The newly renovated Apple Store, 5th Ave, New York City 9/21/2019 © Andrew Darlow
I chose the photo above because it fits in with the topic I’m discussing today. I photographed it with an iPhone 11 Pro using the Panoramic mode. Click on the image to view it about four times larger (I did some perspective correction in Photoshop to straighten the buildings, and boosted the saturation a bit).
WHY I’M RINGING THE ALARM BELLS ABOUT 10.15 CATALINA
There’s a new operating system, named macOS Catalina (10.15), coming very soon (potentially as early as October 4, 2019 according to This Article) to millions of Apple Macintosh users with computers that were produced recently enough (or that have sufficient hardware specs) to run it (this Wikipedia article has a list of the specific models). Normally, I would not be sounding any alarm bells about this, but this is a different situation. Many people get into the habit of just clicking on “update” or have their computers set to automatically update to the latest operating system. But I would be very careful about doing that this time. The reason is that macOS Catalina (10.15) will only run 64-bit apps, and there is a VERY GOOD CHANCE that some or many of the apps you have on your Mac are 32-bit apps. Those applications will stop working if you upgrade.
SO WHAT SHOULD YOU DO?
1. The main thing to do is to not automatically approve the upgrade if you are invited via a pop-up message to do so until you are ready. I personally will be waiting at least a few months on my main machine (maybe even a year or more) to upgrade.
2. The next thing you can do is turn off all automatic updates for your current Operating System. For example, I am on macOS Mojave (10.14), so I went to System Preferences>Software Update (located in the 3rd Row in the default configuration), and made sure that “Automatically keep my Mac up to date” was unchecked. See below for what that screen looks like. I then clicked on the “Advanced” button and kept “check for updates” checked, but unchecked everything else. With all that said, I would set a reminder to see what updates are available for your computer if you turn off the “Install system data files and security updates.” Checking that item Will Not update your software to a new operating system like macOS Catalina.
3. If and when you do upgrade, I recommend having two backups of your existing system (a Time Machine backup plus a Clone of your system on an external drive).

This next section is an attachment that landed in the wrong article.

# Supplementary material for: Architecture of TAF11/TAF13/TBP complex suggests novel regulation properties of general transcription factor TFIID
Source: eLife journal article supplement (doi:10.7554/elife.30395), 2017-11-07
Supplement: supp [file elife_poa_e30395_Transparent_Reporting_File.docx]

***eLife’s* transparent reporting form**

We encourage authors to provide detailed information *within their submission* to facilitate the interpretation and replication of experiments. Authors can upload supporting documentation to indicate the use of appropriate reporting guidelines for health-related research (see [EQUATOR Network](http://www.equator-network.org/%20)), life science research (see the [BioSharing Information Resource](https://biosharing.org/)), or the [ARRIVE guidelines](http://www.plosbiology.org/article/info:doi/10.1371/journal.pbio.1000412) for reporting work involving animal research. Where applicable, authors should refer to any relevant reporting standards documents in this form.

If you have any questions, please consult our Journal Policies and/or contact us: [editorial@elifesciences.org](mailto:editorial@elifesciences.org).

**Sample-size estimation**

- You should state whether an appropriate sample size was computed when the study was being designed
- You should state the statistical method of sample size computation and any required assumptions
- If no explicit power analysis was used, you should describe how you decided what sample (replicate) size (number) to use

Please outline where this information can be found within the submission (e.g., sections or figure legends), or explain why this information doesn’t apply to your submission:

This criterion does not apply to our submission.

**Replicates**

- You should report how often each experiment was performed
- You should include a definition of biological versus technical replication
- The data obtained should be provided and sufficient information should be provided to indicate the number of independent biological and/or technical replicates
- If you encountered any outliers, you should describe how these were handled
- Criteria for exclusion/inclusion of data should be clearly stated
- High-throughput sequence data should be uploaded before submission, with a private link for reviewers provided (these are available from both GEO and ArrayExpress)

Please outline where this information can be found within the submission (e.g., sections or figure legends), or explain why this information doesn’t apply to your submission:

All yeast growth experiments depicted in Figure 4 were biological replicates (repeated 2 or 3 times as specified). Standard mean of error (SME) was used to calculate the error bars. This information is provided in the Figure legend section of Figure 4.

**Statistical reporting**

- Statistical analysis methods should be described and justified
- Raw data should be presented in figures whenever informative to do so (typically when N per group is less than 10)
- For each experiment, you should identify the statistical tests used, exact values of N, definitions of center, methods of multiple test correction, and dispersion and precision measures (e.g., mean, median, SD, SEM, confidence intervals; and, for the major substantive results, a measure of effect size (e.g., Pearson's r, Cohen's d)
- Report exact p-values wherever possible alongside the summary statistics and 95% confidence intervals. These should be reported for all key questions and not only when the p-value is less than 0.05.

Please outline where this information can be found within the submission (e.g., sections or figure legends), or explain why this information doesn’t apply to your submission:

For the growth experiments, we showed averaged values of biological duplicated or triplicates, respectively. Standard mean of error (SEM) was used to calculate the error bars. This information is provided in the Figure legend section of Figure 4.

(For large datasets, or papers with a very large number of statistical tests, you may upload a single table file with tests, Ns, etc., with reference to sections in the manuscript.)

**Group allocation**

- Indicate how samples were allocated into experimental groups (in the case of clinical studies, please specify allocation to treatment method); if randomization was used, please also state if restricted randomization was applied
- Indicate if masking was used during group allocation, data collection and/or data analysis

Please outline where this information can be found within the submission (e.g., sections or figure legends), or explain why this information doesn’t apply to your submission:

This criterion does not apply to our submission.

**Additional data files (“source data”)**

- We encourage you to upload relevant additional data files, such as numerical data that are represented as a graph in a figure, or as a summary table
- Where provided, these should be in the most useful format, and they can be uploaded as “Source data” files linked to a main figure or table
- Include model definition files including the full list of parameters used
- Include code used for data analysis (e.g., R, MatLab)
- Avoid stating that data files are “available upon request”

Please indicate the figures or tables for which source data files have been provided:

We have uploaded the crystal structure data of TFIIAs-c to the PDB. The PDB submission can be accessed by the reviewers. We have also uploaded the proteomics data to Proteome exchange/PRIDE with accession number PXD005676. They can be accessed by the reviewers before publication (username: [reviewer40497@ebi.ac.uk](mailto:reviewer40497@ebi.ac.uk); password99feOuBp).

Software update screenshots
WHAT IF YOU ARE NOT RUNNING MOJAVE (10.4)?
If you are not running Mojave (Sierra (10.12) or High Sierra (10.3), for example), it’s a bit more complicated. You can find it Software Update under “About this Mac” and then “Software Update”. You can also read about how to upgrade (or avoid turning on auto updates) on THIS PAGE.
RELATED ARTICLES & PODCASTS
On a related note, This is An Excellent Article with a comprehensive overview of what’s in macOS Catalina, and how many things will be changing on your Mac (bye bye iTunes, for example!).
And I thought you may like to listen to This Episode of Connected, one of my favorite podcasts about all things related to Apple Computer, the Mac and iOS (you can even adjust the speed of the playback). If you’d like to cut to the chase, you can skip to 52:32 (you can move the playhead back and forth near the top of the page) to just listen to the section about macOS Catalina, including their suggestion to install an app called Go64 (You Can Find It Here) that will quickly tell you which of your applications on your Mac are 32 vs 64 bit. There are other items called “Kernel Extensions” that are changing, which is quite geeky, but it’s an important change.
If you listen to the beginning of the show, you will hear that the co-founders of the company who produces the podcast (Relay FM) recently helped raise over $300,000 for childhood cancer research by doing a focused fundraising campaign for St. Jude Children’s Research Hospital. Relay FM has more than 20 shows, and their hosts and listeners were very generous in their support. I learned that no family has to pay for the treatment that they receive at St. Jude Children’s Hospital, and I was a bit shocked to learn that the average treatment for a child with leukemia is about $200,000.
I also learned from doing some online research that in the 1950s, nearly all children with leukemia passed away, but today, the survival rate is about 75% thanks to the work of research hospitals like St. Jude. Here’s a link to a six hour “podcast-a-thon” that helped them a lot to reach that goal. They are the same people that you will hear on the podcast and their names are Stephen Hackett and Myke Hurley. Stephen Hackett’s son was a patient at St. Jude’s and you can read about his family’s story HERE. You will also hear a gentleman on the podcast named Federico Viticci, who runs a fantastic site called MacStories.net.
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